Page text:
Set aside, for just a moment, the coronavirus pandemic and all of the disruptions it dealt to the college football season — the week-to-week teetering, the postponements, the cancellations, the thousands of virus cases and the contact traces. Now consider the two teams that have ascended to a championship whose very staging will long be debated.
There is top-ranked Alabama, its front-runner status over the last dozen or so years so consistent that its presence in the title mix is as reassuringly familiar as it is mind numbing. And there is No. 3 Ohio State, the scarlet-and-gray power that upset mighty Clemson on Friday night and, despite the brash politicking that helped clear its path to the College Football Playoff, has sometimes wound up acting like some sort of 2020 upstart.
These are two programs that have been lifted and scarred through the years by expectation and ambition. Two programs with divergent paths through the pandemic to the game on Jan. 11 in Miami Gardens, Fla. But, in the end, two programs that got college football to precisely where mostly everyone figured a 2020 season, if it happened at all, would end: a final bout between blue bloods.
Other ideas, like a playoff berth for Cincinnati, a Group of Five school, proved to be only notions, not probable outcomes. The central short-term dispute left to settle, then, is whether an Alabama team that grinded through a Southeastern Conference schedule and rolled to 12-0 with a Rose Bowl victory is better and more battle ready than an Ohio State team that played just six Big Ten games, including the league championship, and a semifinal and could be seen as fresh-legged, woefully inexperienced or both.
“We’re not done,” Ryan Day, Ohio State’s coach, said after his Buckeyes demolished Clemson, 49-28, in the Sugar Bowl. “We have a lot of work to do, got to get on this film, figure out some things to adjust because we got a really talented Bama team that we got to go play.”
Although he is 23-1 atop Ohio State’s program, Day has not led a team in a title-game showdown. Nick Saban of Alabama is in an altogether different place: The game at Hard Rock Stadium will be the eighth title matchup of his 14 seasons at Alabama. If his team wins, he will have his sixth national championship at the school, a mark equal to Bear Bryant, for whom Alabama’s stadium in Tuscaloosa is partly named.
But the team that Saban, a former defensive back, has steered toward South Florida is not like his previous contenders, all of which unnerved opponents and some of which proved more entertaining on defense than offense.
Most notably, this team already has more than 6,400 yards of total offense and three of the year’s top five Heisman Trophy candidates. Saban’s first championship team at Alabama made do with 5,642 yards and the star tailback, Mark Ingram, who won the Heisman in that 2009 season. (This season’s winner will be announced on Tuesday night, and wideout DeVonta Smith and quarterback Mac Jones of Alabama are among the finalists.)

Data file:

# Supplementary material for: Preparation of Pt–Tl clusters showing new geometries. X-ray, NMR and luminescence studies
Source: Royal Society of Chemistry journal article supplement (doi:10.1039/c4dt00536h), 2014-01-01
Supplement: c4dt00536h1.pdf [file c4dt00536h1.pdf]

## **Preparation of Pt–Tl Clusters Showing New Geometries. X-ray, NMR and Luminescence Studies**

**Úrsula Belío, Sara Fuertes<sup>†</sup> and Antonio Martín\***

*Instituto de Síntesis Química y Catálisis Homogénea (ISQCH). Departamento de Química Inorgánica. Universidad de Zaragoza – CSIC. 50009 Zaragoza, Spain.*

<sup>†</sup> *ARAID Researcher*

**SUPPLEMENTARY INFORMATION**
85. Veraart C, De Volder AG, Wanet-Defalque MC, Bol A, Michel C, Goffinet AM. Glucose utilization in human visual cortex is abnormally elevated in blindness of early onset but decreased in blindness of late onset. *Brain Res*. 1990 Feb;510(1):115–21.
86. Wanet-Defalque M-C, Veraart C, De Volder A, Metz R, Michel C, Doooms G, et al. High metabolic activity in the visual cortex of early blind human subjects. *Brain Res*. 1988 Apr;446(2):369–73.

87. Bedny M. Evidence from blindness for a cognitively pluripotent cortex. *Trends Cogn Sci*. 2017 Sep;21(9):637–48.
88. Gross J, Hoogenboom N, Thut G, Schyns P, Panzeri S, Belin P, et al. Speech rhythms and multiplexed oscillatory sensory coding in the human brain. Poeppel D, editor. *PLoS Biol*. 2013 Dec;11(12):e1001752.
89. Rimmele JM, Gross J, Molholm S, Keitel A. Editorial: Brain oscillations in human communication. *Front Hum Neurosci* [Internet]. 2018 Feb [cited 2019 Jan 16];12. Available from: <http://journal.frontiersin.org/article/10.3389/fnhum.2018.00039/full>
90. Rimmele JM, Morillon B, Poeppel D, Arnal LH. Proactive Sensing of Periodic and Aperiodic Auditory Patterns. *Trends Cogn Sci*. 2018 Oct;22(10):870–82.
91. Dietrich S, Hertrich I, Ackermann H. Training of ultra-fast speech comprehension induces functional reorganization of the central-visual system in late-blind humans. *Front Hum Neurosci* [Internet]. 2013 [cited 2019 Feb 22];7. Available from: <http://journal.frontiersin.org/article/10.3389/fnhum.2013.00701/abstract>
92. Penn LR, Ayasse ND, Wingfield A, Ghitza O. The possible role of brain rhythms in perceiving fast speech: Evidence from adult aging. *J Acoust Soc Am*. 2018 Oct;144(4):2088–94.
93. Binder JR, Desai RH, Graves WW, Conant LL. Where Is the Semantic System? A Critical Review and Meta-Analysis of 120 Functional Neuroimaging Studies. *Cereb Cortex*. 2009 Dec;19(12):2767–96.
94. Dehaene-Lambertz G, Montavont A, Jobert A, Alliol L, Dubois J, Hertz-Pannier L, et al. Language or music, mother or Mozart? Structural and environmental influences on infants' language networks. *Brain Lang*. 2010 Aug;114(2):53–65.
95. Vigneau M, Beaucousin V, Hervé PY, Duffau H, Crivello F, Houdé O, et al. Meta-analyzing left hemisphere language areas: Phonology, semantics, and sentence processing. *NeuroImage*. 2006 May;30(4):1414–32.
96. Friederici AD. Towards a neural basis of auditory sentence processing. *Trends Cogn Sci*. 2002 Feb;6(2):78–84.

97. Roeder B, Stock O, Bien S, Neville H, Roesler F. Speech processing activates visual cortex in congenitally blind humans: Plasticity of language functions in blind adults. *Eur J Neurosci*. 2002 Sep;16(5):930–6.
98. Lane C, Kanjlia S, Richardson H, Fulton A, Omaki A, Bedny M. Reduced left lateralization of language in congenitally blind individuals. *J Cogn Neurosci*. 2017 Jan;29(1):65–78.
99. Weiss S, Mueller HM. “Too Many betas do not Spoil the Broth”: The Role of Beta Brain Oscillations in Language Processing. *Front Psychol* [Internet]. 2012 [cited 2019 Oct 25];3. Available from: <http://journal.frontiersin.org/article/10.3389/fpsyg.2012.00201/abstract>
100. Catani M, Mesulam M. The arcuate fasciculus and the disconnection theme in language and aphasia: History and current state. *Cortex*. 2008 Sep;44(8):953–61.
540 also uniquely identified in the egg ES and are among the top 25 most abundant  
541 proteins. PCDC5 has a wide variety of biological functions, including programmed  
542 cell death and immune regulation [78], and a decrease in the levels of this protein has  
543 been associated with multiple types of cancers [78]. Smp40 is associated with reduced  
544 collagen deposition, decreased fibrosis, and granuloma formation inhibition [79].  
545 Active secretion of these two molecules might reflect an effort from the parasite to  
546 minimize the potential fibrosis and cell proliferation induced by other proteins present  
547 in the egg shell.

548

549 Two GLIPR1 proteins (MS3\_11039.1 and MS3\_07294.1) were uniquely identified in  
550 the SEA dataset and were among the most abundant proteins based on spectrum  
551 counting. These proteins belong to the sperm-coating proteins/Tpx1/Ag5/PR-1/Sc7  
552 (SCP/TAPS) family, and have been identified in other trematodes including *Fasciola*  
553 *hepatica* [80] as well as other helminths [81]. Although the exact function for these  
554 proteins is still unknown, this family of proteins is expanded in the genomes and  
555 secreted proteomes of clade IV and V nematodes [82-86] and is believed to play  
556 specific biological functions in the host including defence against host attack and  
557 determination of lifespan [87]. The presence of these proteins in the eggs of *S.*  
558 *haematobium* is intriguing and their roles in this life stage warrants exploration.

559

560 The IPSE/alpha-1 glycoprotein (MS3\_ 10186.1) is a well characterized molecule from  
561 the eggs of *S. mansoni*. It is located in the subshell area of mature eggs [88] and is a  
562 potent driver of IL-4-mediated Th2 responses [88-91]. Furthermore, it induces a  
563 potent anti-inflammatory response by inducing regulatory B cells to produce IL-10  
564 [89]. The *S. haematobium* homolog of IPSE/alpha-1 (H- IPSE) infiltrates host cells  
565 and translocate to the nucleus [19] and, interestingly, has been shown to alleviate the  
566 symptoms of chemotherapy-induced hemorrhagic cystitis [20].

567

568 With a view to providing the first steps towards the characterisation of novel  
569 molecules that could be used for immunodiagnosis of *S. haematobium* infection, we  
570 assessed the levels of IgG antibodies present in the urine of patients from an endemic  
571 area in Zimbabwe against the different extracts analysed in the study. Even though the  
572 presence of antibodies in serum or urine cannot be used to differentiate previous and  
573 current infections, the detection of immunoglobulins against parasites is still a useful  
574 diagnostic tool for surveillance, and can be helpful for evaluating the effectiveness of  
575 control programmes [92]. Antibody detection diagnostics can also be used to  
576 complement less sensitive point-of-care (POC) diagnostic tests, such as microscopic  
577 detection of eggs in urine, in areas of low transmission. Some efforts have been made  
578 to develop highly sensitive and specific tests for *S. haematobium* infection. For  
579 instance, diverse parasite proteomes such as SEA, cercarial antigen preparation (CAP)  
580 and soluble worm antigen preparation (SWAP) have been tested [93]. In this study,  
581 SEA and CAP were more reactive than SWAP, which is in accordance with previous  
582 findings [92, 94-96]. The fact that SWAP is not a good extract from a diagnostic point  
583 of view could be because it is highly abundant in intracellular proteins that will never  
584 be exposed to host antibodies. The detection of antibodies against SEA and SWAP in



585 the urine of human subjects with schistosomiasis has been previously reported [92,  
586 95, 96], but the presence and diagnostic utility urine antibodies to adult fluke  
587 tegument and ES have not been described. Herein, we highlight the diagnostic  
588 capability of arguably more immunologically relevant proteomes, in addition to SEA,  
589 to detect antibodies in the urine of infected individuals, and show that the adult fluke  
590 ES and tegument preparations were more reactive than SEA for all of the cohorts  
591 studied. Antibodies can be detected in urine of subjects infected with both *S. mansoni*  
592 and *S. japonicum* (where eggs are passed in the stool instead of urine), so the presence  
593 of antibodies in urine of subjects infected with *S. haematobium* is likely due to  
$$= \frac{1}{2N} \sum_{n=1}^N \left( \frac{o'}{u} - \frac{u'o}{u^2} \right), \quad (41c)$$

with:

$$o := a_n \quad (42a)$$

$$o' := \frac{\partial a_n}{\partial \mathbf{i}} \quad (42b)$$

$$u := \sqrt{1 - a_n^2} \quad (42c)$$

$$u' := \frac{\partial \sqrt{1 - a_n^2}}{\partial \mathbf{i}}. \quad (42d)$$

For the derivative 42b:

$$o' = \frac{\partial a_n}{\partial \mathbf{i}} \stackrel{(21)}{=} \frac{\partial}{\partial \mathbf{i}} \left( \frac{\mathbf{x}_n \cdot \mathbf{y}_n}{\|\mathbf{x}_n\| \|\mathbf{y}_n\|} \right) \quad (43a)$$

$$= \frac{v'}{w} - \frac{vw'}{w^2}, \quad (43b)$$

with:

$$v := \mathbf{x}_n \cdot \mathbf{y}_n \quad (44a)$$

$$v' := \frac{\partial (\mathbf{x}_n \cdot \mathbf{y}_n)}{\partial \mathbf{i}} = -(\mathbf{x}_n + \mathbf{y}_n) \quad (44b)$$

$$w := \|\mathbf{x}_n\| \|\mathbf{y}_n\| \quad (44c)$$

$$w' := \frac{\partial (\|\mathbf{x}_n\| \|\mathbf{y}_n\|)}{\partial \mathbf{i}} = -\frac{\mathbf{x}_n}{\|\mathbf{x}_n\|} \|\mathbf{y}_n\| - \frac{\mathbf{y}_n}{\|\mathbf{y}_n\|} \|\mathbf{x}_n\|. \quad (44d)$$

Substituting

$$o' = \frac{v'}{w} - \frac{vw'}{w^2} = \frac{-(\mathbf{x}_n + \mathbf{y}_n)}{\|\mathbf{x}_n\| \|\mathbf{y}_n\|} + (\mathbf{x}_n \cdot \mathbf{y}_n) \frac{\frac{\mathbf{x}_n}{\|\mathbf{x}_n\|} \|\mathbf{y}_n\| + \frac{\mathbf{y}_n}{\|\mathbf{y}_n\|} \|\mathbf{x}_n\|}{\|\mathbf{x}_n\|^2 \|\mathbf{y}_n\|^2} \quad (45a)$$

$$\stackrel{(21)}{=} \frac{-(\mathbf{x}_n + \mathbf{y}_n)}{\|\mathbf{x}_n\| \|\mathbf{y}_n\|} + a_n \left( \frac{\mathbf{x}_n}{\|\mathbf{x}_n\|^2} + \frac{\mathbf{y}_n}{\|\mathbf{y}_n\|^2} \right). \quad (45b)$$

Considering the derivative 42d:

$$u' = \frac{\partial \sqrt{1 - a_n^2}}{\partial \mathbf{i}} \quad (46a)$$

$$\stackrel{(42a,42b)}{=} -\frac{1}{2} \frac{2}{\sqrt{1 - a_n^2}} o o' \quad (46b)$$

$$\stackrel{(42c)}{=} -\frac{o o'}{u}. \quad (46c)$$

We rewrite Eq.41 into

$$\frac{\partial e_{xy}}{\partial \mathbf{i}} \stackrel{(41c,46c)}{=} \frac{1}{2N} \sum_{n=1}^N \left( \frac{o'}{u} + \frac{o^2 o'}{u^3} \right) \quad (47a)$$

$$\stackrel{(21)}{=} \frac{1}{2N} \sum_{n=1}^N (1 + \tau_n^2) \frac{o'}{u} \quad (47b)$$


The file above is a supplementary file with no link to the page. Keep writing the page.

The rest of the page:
And although Alabama has said almost nothing about the virus’s reach within its football program, except when Saban himself tested positive just more than a month after a false positive nearly kept him away from a showdown against Georgia, the Tide made it through the season without reaching the point where it needed to postpone or cancel a game.
Ohio State, which also placed a premium on athletic secrecy during a public health emergency, needed help to reach even its league championship game. Hampered by other teams’ cancellations and its own outbreak that forced it to miss a trip to Illinois, Ohio State benefited from a last-minute Big Ten rule change when it fell short of the six games originally needed to qualify for the conference’s title matchup.
The Buckeyes struggled through that championship game but won and received a No. 3 seed from the playoff selection committee. Its perception problems did not end, though, as skeptics questioned whether the Big Ten had again changed a rule — this one, a part of its pandemic protocols — to help teams like Ohio State field more players in the postseason.
On Friday night, Ohio State’s dominance of Clemson in the Sugar Bowl went far beyond expectations that would have been deemed reasonable or attainable hours earlier, a striking outcome for a Buckeyes team that just months ago was on the brink of not playing at all this season.
Ohio State, thought of as a title contender well before “social distancing” was a household term, is not the star-crossed insurgency that rumbled out of Baton Rouge a season ago, when Joe Burrow, a quarterback who had been undervalued by SEC coaches (and had transferred from Ohio State), abruptly led Louisiana State to 8,533 yards of total offense and a national championship. But theirs is still a story, so far, of defying the hubris that so often bubbles from Southern gridirons and sports talk radio stations, and the suspicions that shadow a playoff selection process that can look like it has a bias toward making the cozy calls.
“Everybody doubting us just pushed us a little more,” Justin Fields, the quarterback for the Buckeyes, said as he recovered from a rib-crunching shot during the Sugar Bowl. After a trip to a sideline medical tent, he had stuck around, finishing with six passing touchdowns and leading an offense that accumulated 639 yards.
Those doubts may be a little quieter between now and Jan. 11. Most, if not all, of the lingering ones will be sorted out then, in the type of championship matchup that could have been penciled in years ago, even if the precise participants were still a mystery.
After all, despite a pandemic that has reshaped so much of society, college football has spent this season showing it can tolerate only so much uncertainty surrounding its biggest stage.